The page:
The Seine river, which flows through the center of Paris, used to be a the main form of transportation for the city and provided added protection. The Seine is such a beautiful river that it has long been revered in the art world and has been the subject of many paintings. When you take a cruise down the Seine, you’ll be able to see beautiful old bridges, old homes gracing the river, and get a unique perspective on historical landmarks such as the Notre-Dame Cathedral.

For more information and to schedule your tour, here are 2 of the most notable river cruise company’s:

Bateaux-Mouche Tours

Phone # 01-40-76-99-99

Website: www.bateaux-mouches.fr

 

Paris Canal

Phone # 01-42-40-96-97

Musee Picasso



The Musee Picasso is located in a beautiful 17th century mansion called Hotel Sale. Located on rue de Thorigny in the Marais district, the Hotel Sale is was built between 1656 and 1659 for a “tax farmer” who became wealthy off his collections of taxes on salt, and is considered to be one of the most beautiful buildings in the district. The mansion changed ownership through the years, when it finally settled on hosting the artwork of Pablo Picasso in 1976 and was converted and restored by architect Roland Simounet after he outbid 3 other contractors.

The Musee Picasso houses over 3,500 paintings, drawings, ceramics, wood sculptures, metal sculptures, and sketchbooks.Most of the pieces of art were donated by family members or from Picasso’s personal collection, of which he always said “I am the greatest collector of Picassos in the world.”, however a great number of collection was also either purchased from or donated by miscellaneous collectors. Also included within the museum are artworks by other artists such as Degas, Matisse, and Rousseau, which were in Picasso’s personal art collection.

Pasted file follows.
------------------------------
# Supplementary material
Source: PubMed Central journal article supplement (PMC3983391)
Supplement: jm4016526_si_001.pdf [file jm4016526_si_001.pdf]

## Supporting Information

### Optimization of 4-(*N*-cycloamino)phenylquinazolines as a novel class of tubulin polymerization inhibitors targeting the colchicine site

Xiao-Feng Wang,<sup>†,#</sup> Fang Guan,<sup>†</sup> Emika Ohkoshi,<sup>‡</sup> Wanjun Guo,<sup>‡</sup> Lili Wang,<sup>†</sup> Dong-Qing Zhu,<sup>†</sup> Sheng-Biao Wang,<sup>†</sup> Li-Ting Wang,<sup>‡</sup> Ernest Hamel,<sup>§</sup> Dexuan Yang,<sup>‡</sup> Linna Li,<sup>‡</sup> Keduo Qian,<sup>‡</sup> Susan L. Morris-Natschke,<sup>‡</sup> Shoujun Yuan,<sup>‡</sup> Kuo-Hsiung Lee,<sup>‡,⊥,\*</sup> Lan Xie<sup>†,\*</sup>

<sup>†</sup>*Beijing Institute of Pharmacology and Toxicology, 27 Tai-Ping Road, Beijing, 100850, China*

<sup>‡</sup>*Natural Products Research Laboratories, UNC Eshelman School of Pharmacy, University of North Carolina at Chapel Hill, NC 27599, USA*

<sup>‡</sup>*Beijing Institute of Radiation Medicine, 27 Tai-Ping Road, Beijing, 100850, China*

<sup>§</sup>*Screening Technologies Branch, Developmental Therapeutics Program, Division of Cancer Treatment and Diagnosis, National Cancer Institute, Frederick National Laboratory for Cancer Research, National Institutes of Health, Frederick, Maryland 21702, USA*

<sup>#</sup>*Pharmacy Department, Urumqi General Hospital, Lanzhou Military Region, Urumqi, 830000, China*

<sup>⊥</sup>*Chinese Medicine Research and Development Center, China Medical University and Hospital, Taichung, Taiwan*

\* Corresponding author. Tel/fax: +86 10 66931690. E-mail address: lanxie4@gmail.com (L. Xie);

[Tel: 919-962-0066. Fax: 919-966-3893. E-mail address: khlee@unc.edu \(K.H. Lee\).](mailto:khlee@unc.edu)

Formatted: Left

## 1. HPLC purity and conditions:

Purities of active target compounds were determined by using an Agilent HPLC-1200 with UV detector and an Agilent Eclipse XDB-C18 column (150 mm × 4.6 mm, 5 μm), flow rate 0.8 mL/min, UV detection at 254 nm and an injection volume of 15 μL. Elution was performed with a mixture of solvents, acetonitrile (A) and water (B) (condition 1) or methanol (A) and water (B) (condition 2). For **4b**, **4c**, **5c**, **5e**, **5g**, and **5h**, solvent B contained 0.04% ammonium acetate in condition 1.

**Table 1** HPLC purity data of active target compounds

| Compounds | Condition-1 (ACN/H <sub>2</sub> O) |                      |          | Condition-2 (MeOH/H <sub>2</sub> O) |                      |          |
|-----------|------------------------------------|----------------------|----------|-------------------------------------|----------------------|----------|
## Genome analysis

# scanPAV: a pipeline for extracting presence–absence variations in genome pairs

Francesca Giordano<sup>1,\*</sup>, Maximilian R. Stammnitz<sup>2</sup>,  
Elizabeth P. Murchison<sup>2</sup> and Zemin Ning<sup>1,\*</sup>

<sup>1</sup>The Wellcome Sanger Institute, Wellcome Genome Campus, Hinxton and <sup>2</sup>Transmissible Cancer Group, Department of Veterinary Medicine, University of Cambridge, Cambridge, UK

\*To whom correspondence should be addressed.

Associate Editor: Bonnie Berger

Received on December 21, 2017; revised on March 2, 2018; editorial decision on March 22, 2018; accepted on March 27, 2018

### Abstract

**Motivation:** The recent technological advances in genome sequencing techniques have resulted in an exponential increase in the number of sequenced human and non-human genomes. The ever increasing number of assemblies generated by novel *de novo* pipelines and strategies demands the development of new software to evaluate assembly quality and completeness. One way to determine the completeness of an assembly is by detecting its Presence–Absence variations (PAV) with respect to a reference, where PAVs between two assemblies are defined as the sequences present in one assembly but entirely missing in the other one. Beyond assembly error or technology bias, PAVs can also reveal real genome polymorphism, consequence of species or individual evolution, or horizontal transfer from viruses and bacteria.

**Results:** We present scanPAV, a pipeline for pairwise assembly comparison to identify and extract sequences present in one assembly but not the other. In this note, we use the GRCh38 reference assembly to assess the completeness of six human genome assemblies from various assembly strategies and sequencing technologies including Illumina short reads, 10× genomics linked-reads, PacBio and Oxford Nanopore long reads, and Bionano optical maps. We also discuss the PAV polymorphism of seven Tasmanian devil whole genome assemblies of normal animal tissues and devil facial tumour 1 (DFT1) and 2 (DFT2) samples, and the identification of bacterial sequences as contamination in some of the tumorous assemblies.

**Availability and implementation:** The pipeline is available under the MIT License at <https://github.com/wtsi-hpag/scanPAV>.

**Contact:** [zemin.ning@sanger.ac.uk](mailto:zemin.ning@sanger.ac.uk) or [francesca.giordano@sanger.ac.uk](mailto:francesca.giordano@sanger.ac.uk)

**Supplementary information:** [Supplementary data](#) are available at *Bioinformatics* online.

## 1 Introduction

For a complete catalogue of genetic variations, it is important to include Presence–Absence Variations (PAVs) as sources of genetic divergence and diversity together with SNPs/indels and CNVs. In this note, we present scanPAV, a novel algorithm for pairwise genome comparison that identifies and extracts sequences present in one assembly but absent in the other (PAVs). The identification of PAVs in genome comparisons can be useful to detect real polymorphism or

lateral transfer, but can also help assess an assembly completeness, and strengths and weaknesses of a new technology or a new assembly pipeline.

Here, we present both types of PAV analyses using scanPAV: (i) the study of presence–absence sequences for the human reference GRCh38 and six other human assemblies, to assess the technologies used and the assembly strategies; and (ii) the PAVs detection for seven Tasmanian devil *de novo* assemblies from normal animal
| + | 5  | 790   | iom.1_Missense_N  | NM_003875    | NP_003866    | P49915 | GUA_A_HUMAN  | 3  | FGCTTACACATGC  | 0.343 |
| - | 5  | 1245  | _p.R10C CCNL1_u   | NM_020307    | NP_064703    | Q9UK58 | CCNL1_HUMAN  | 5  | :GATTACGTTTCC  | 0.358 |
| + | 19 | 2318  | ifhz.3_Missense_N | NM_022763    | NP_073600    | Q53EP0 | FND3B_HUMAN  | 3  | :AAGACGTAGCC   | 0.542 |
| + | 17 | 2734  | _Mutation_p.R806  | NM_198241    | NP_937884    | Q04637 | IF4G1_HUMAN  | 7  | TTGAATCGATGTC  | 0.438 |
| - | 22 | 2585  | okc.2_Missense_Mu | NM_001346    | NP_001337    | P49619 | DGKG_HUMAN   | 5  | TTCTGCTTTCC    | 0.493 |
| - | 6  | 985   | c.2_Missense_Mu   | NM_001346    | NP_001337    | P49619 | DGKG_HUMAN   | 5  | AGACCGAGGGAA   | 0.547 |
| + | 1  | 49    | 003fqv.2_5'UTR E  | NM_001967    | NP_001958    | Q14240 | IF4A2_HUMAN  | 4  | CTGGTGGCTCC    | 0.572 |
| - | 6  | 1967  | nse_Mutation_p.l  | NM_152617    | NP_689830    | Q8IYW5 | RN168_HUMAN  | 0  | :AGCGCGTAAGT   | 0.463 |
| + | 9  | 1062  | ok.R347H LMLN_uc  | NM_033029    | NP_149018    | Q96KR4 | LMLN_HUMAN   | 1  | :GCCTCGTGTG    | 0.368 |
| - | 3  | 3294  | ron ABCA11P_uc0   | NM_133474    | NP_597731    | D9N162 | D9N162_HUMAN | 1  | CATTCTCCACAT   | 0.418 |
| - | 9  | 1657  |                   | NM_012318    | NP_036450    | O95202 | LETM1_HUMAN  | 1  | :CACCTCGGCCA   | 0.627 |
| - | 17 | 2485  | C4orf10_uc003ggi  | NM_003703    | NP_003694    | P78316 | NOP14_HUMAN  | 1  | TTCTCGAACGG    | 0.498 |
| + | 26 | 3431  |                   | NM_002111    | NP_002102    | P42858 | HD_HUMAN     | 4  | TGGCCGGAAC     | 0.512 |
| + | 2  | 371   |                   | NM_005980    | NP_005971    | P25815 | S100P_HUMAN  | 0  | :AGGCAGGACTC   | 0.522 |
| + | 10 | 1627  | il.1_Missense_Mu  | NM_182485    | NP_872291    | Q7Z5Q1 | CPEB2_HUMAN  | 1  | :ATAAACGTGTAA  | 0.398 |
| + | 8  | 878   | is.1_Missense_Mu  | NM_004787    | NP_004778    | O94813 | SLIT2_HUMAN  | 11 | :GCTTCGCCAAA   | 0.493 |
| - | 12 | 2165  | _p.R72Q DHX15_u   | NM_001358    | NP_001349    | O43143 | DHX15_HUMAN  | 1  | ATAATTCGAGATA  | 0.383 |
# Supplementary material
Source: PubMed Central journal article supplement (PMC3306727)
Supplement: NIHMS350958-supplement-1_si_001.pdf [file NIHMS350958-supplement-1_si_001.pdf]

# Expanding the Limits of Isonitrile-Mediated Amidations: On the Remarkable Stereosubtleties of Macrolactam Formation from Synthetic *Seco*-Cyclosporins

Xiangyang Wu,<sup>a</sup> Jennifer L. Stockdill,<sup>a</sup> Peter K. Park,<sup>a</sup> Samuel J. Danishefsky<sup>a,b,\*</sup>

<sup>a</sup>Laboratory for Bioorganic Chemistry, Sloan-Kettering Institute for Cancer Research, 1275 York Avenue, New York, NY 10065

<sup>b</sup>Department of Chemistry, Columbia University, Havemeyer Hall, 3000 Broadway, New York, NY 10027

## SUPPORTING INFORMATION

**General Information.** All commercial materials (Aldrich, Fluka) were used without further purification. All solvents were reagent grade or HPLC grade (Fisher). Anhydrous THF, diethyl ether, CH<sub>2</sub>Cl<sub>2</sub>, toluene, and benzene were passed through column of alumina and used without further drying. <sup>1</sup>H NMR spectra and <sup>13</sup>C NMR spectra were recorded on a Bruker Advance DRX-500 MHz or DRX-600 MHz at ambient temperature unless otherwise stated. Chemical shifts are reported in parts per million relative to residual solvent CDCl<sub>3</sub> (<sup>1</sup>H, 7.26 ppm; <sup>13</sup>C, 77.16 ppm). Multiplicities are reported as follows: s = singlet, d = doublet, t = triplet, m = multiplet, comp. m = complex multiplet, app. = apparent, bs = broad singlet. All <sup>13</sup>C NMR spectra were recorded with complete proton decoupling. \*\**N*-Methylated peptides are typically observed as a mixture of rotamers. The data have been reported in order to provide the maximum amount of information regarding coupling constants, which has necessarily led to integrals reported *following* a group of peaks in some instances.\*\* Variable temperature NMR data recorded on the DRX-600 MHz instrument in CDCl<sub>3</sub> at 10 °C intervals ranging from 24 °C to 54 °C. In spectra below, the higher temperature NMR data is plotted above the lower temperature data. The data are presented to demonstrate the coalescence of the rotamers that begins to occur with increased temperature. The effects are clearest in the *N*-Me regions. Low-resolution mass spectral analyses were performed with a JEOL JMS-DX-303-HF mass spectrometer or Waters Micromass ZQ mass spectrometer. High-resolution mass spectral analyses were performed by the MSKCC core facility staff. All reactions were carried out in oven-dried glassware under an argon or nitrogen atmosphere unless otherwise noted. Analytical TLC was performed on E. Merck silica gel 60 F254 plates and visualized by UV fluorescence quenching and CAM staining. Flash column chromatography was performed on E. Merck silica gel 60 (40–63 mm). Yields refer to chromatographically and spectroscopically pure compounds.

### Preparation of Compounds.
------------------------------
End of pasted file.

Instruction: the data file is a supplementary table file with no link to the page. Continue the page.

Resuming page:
The set up of the museum follows a chronological sequence for the most part, however there are a few rooms dedicated to certain themes. Also found within the museum is a great collection of photographs, newspaper clippings, manuscripts, and other things all relevant to Picasso. One room of interest also contains the caricatured work of period artists displayed. Special exhibitions are also held from time to time on the museums 2nd floor.

Unfortunately, the museum is currently under renovations and will not re-open until 2013 (you can view their memo here). However, they did organize for a series of pieces to be displayed around the world in the meantime. The show you can still catch this year is:

Art Gallery of Ontario, Toronto Canada – April 28 – August 23, 2012

Over 200 works are also on loan to several museums in Paris and surrounding areas. These museums include: National Museum of Modern Art – Centre George Pompidou, Orangerie Museum, and Museum of Modern City Art Paris.

 

 

Paris’ Museum of the History of Medicine

Step right up and see the fantastic world of…medieval and historical medical instruments and artifacts? Absolutely! The Museum of the History of Medicine, or Musée d’Histoire de la Médecine, is creepy – but the fantastic kind of creepy! This museum is nestled on a tiny little street named Rue de l’Ecole de Médecine in the heart of Paris. It’s actually housed upstairs in a giant university building, and can be hard to miss, but just follow the signs pointing the way once inside the university.

Once inside, you’ll be greeted with what seems to be a beautiful little museum – that is until you peer into the glass encasements. Behind the glass you’ll find a wonderfully creepy and weird display of old medicinal and surgical instruments and pieces – some of which seem more like they were used for torture than medicine. Take a look below at some of the pictures below to get an idea, but keep in mind that a picture hardly does them justice:

Medieval Doctor's Mask - This was worn specifically during the Black Plague epidemic and was thought to ward off the Plague and keep the doctor's safe.

Medieval Hand Powered Chain Saw - Ummm, scary?

Medieval Hearing Aid - Okay, not very creepy, but could you imagine using a shell as a hearing aid?